At the support van, we changed shoes and refilled out hydration packs. The race instructions were to pack climbing gear with us and keep our bike helmets as well. Unfortunately, we rushed out and forgot the helmets. When we arrived at a righteous zip line about half a mile later, we were forced to go back to the van and get the helmets before we could harness up and cross the river. Crap!
We soon arrived back at the zip line. It was on a cliff high above a small river and crossed down to the bank on the other side. This is probably a good time to mention, I’ve never been on a zip line before, and, based on what everyone said, this was one of the tallest/longest ones they’d experienced.
When the safety-guy told me to step off and cross my legs, I took one fast step and jumped- woohoo!!! Someone was taking photos on the other side. Hopefully I can find those soon…
Once we got moving again on the other side, we found CP22. Then we noticed some ruckus in the woods. All of the other teams who were ahead of us were milling around, and the race director was on his radio. Apparently, they’d been searching for a long time for CP23 and no one could find it. Darryl decided to give it a shot while the other teams decided to skip it. A few minutes later, the race director found us and told us to skip it and move on. We had caught up with everyone ahead of us, but they gained time back while we were searching.
The next few hours were spent running, hiking, and bushwhacking around the park. We went through everything- trails, open woods, walls of privet, briers, swamps, drainage ditches, tunnels… you name it. We found a lot of the CPs quickly, but others took 10-15 minutes of searching. Eventually, we worked our way back into the main part of the park. We went back into the woods for CP46, and, as we were jogging out, I felt a jab on my right thigh. I slowed, thinking I was caught on a thorny vine when I felt a second, harder jab on the back of my left thigh followed by an insane burning sensation…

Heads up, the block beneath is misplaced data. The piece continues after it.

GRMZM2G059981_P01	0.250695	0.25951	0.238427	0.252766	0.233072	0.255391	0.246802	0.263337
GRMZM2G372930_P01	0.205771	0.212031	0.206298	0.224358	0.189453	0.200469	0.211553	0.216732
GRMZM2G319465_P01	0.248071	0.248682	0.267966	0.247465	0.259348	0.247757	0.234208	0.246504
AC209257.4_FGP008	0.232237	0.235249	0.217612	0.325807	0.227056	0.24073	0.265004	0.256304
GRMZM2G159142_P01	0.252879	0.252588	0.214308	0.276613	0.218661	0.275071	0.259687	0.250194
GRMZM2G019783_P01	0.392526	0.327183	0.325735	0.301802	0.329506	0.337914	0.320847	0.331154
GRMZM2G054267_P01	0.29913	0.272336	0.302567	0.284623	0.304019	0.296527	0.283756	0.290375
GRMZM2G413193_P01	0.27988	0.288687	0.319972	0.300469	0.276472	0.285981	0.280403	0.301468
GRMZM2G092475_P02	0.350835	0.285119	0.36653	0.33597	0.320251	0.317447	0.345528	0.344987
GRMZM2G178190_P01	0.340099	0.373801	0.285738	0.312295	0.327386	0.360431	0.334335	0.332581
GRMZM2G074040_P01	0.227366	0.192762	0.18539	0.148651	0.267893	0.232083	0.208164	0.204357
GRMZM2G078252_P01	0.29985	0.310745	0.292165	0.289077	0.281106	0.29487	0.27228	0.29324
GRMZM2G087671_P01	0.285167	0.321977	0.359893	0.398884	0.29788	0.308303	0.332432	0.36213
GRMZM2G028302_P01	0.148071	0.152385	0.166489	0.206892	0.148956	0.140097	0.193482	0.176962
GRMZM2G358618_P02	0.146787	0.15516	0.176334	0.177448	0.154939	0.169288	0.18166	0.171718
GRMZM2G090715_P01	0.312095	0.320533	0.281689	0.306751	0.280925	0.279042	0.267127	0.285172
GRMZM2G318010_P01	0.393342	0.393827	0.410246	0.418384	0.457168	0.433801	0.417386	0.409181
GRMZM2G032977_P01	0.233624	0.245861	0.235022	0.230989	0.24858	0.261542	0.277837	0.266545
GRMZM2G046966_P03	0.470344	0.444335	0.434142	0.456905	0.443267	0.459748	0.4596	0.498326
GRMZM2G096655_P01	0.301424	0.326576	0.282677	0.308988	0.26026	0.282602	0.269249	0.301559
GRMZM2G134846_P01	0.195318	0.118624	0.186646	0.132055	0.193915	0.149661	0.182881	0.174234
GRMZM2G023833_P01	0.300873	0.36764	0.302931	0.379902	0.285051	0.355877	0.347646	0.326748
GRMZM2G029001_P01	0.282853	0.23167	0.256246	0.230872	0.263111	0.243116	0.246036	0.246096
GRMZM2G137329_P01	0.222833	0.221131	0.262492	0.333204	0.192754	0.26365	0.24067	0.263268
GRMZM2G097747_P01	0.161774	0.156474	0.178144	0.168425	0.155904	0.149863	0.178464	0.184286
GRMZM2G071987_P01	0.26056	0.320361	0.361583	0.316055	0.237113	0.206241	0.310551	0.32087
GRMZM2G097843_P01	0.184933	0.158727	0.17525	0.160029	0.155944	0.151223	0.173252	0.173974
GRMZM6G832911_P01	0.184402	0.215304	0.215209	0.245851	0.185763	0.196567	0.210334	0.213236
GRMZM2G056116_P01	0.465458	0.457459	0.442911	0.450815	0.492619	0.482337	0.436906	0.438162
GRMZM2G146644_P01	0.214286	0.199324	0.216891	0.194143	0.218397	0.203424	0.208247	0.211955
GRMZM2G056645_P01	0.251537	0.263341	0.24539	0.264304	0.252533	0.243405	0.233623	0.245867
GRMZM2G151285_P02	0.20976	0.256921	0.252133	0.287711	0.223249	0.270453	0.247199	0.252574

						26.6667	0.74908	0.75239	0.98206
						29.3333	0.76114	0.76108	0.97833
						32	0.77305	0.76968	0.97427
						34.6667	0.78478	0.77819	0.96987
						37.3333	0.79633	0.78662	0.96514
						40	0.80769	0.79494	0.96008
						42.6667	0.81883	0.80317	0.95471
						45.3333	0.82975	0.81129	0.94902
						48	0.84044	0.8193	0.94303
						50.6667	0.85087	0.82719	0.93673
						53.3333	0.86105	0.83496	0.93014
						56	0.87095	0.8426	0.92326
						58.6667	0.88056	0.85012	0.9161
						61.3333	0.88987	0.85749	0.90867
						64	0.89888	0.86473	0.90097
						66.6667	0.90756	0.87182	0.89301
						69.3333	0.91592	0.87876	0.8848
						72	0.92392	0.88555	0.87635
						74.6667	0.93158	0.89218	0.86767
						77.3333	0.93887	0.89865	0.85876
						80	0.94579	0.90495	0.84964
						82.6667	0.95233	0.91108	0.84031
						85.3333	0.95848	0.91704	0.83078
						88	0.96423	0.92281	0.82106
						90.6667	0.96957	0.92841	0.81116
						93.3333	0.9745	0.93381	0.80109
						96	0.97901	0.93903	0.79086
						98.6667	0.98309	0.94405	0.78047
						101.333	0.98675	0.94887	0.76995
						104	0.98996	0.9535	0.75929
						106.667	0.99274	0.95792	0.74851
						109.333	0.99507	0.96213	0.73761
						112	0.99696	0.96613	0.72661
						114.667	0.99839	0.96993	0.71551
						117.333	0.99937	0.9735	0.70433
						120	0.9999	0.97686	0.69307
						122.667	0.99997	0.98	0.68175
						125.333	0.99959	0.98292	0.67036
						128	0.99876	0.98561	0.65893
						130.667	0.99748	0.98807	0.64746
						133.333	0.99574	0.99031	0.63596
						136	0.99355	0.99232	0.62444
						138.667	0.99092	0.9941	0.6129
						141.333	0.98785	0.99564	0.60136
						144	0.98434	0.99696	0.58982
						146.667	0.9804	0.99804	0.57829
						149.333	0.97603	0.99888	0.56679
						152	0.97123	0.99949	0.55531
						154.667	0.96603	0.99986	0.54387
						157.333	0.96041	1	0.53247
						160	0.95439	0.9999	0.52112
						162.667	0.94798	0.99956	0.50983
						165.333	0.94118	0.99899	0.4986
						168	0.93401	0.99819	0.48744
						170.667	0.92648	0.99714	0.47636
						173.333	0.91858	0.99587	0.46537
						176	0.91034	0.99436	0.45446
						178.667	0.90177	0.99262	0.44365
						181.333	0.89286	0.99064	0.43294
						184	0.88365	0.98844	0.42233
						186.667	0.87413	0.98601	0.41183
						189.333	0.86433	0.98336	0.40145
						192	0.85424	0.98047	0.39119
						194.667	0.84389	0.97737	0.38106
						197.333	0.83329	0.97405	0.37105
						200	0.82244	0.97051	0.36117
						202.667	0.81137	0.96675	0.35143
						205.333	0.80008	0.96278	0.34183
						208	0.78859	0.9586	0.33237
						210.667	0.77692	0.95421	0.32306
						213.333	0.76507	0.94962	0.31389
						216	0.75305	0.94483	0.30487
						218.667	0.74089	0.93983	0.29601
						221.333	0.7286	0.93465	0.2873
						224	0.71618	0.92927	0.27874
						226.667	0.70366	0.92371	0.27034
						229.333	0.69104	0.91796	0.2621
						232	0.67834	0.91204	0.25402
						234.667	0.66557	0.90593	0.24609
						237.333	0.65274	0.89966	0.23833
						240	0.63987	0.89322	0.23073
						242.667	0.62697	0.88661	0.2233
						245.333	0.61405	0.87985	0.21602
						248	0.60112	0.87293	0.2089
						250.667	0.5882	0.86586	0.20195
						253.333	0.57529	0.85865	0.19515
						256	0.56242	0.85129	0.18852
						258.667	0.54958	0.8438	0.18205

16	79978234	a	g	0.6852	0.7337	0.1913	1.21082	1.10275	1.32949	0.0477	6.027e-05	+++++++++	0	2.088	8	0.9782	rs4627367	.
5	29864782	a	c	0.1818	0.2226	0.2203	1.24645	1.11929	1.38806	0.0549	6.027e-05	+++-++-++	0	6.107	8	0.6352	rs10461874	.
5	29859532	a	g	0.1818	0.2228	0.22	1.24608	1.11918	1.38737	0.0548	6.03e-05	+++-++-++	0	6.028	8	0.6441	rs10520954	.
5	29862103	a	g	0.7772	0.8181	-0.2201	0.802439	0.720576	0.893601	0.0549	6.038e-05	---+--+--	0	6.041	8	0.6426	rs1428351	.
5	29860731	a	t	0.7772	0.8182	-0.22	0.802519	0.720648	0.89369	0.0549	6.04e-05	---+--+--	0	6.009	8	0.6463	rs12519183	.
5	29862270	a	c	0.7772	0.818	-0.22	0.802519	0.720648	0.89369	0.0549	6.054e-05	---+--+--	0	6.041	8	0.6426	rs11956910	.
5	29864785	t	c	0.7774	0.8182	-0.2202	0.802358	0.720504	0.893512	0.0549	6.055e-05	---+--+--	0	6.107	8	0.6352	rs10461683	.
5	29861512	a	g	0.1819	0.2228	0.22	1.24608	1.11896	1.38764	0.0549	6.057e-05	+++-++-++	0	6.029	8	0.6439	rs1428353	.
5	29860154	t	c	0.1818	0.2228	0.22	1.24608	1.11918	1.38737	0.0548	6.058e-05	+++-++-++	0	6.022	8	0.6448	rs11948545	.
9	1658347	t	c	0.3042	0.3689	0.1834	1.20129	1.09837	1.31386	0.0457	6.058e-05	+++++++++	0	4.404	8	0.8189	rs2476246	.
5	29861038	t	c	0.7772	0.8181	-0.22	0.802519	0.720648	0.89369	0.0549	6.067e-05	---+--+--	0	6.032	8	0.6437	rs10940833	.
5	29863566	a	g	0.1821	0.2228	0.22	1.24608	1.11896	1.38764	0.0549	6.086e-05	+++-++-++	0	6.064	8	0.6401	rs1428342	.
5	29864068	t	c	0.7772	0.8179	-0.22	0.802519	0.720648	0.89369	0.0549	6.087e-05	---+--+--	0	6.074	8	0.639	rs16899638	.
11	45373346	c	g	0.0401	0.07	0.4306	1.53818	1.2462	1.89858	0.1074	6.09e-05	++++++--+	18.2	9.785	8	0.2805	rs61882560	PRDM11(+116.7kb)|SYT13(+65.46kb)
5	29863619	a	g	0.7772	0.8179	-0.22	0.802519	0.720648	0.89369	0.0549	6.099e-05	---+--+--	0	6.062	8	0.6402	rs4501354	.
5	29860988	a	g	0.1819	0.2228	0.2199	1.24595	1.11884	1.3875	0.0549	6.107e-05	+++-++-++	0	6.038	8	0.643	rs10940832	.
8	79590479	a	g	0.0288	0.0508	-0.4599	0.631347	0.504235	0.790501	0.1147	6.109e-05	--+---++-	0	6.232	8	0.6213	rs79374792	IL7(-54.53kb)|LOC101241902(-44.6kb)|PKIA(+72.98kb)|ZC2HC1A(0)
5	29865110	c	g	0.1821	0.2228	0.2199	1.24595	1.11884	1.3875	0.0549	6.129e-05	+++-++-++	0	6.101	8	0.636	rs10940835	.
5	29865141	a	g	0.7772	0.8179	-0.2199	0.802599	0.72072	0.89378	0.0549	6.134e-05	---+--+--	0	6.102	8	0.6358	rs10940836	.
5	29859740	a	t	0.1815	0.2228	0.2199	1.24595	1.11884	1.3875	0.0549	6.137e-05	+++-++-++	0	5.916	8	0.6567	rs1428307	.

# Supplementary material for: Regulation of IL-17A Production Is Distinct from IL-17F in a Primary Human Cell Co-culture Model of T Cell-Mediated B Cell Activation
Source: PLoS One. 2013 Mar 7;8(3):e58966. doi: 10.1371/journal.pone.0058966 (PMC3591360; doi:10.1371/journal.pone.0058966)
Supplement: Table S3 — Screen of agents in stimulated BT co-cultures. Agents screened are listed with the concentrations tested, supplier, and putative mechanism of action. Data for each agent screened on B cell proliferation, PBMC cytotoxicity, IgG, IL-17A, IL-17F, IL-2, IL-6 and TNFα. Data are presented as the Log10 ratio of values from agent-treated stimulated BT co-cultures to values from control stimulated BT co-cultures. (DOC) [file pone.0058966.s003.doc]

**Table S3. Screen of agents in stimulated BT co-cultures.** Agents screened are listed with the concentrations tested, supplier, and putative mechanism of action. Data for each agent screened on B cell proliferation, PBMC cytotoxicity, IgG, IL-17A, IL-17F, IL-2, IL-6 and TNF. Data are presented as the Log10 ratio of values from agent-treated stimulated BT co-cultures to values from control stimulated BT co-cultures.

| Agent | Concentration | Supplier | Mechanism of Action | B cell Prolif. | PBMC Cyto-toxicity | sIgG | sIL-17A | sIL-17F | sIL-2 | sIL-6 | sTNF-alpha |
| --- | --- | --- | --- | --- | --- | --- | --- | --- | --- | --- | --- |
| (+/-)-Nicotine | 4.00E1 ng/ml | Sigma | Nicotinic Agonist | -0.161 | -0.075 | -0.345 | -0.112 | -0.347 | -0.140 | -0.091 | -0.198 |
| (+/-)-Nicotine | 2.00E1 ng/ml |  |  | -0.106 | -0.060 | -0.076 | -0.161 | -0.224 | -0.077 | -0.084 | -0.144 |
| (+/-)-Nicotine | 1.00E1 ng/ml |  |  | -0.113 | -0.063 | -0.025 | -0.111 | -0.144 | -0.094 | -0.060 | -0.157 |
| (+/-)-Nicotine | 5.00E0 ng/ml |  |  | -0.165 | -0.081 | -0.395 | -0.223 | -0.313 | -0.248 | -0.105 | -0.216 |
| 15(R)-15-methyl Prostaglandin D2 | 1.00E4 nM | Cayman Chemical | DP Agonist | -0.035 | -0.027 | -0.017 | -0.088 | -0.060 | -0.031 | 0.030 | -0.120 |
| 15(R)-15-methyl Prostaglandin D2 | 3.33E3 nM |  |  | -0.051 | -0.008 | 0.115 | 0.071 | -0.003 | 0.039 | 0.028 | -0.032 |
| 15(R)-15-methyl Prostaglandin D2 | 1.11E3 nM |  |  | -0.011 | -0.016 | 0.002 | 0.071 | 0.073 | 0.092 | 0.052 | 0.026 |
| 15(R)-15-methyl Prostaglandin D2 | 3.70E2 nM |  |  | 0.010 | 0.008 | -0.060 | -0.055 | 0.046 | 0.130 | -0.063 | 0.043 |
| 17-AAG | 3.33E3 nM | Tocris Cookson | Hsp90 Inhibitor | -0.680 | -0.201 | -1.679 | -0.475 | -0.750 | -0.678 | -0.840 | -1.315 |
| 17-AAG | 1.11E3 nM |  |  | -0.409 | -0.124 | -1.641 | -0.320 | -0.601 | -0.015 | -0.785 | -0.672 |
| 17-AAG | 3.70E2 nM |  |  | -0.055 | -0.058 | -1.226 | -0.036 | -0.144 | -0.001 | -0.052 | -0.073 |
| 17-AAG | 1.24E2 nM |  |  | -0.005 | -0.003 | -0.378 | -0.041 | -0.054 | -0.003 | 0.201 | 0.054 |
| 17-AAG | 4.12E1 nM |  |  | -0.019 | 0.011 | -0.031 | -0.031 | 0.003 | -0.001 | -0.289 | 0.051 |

F*%#!!! HORNETS!!! RUN!!!
I envisioned myself being engulfed by a swarm of evil, angry, flying hypodermic needles full of posion and ran for my life, bursting out of the woods and nearly into traffic on the main road through the park. Holy crap, that hurt- the pain was a burning & aching feeling that extended into the top layers of muscle. It kept hurting all day/night, too…
At that point in the race, there was a time cutoff- if you make it back by 1:15, you get to go out for another 7 CPs. Otherwise, your day is over. We made it in at 1:14, so we headed back out. There were 5 teams way ahead of us, and no one else made it in after us, so the pressure was basically off, and we finished up laughing, joking, and having a good time. We arrived back to the finish about an hour later, 6th out of 17 co-ed teams, and still friends. I’m pretty sure that qualifies as a successful adventure race!
After heading back to Darryl’s house and cleaning up (OMG it felt soooo good to be dry!), I relaxed a bit, ate a snack, and hit the road back to Memphis so that I could get home & rest up for the Clear Creek XC race on Sunday.